Success consists of going from failure to failure without loss of enthusiasm. (Winston Churchill)
Often failure teaches you what you need to know. Teenagers are in the state of constant learning, from academics, to social expectations, to the changes of their being, both physiologically and psychologically. Failure needs to be normalized as one part of that learning opportunity. Having a teen share with you a failure they are experiencing is a great opportunity to listen with curiosity, ask questions and help your teen to discover their own resilience, grit, and redirection of the pathway to achieve their goal. It may be helping your teen to rewrite the goal with more steps to achieving it and creating ways for your teen to track their progress. But what can we do as parents to help our teen overcome their fear of failure?
It is important to respond to failure without judgment. If failure is seen as unacceptable, your teen will struggle to make choices or experience intense anxiety about the possibility of failure. Instead focus on a growth mindset. A growth mindset is that you are always learning and in fact failing is seen as a great teacher and part of life. The growth mindset views failure as an opportunity to grow, develop new skills and discover what else your teen needs to achieve success. If your teen did not make a sports team, the conversation becomes about what your teen needs to do to make the team next year? Your teen fails algebra, the motto may be I came, I learned, and next semester I will conquer algebra. It is creating that positive mindset, which includes positive affirmations to bolster your teen’s self-confidence and learning that failure will be something they encounter more than once and in many parts of their life.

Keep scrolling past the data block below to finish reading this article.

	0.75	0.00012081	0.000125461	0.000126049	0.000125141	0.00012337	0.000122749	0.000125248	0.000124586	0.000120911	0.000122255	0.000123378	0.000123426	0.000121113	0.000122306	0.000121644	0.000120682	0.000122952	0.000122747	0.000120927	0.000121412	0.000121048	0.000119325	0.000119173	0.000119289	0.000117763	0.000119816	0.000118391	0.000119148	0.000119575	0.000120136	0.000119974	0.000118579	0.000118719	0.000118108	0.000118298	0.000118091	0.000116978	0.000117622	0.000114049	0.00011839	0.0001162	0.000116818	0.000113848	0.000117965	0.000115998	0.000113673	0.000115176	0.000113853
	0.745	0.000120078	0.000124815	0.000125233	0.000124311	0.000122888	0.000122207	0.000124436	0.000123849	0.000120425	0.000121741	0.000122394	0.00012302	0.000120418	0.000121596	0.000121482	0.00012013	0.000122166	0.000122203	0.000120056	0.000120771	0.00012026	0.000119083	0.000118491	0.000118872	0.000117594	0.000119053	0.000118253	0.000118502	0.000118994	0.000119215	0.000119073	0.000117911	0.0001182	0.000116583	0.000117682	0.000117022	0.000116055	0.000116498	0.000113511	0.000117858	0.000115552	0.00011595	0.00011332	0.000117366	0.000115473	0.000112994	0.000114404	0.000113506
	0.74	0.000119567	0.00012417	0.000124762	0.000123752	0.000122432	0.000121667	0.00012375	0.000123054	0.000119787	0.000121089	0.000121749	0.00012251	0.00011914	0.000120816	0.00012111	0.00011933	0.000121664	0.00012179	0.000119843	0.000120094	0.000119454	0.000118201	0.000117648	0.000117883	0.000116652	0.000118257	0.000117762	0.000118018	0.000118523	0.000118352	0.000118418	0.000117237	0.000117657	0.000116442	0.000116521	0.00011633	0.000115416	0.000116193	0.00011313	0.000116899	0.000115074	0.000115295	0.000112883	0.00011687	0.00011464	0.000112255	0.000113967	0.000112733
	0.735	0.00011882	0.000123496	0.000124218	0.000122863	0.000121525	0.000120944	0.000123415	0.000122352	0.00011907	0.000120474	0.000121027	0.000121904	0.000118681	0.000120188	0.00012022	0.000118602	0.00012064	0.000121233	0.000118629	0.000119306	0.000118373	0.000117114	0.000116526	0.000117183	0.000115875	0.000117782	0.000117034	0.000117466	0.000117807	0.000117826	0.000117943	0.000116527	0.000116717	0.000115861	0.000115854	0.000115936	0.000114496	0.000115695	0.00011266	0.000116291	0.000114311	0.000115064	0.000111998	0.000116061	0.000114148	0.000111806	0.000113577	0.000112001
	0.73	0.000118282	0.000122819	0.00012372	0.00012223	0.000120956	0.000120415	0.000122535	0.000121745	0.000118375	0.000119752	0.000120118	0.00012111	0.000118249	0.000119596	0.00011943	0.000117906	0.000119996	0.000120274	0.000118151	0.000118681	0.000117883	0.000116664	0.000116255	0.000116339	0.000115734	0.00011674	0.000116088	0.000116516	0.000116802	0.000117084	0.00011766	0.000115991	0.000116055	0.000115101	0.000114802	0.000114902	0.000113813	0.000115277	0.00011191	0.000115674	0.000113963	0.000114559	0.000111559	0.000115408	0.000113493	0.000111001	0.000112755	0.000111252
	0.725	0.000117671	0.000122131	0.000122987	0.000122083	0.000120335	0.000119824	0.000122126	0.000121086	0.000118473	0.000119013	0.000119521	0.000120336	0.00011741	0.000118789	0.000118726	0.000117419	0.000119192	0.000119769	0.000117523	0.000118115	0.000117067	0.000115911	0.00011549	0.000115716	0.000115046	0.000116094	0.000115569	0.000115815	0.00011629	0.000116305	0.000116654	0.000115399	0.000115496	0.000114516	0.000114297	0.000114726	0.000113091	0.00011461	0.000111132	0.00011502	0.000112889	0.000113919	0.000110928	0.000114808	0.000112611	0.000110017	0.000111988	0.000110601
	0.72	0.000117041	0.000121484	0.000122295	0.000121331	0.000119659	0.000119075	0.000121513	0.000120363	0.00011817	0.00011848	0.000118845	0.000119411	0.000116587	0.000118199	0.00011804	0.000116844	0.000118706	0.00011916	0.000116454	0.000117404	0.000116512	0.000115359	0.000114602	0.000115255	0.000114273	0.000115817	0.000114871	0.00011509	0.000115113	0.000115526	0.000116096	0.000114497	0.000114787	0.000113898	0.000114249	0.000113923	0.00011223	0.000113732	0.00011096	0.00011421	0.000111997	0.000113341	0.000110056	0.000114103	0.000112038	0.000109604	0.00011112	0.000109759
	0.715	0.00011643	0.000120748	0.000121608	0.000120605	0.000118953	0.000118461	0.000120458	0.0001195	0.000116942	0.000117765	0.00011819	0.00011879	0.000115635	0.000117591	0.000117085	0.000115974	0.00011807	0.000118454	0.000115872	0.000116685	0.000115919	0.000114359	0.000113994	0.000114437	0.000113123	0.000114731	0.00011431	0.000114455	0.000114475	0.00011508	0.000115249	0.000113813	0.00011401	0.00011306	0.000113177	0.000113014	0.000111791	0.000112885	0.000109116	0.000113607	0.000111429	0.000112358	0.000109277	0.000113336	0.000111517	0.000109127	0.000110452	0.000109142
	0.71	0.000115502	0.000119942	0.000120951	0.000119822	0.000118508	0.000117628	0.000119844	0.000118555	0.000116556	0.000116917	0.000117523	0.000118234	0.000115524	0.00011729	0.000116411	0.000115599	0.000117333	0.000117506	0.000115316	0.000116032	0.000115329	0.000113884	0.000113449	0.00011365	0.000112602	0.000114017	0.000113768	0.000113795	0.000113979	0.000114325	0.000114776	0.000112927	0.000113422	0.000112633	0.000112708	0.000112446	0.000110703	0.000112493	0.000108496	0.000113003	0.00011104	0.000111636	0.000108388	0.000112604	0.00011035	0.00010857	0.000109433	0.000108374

Last, give your teen opportunities to fail. An important part of parenting is allowing your teen to fail in order to build resilience and to recognize they have what they need within them, whether they fail or succeed. It means teaching skills of practice and persistence and positive thinking, “I can’t do it yet.” For example, it is discussing a failing algebra grade from a growth mindset and goal setting point of view. Having your teen ask themselves, “Where am I struggling, who can help me, where can I get help?” This discussion is productive and creates solutions and goals to improve your teen’s algebra grade. Telling your teen the grade is unacceptable and giving a consequence without understanding the reason behind the grade creates a fear of failure and breaks down communication and the relationship. We are all striving to create teens who will be resilient, empowered individuals who will be successful and thriving members of our community.
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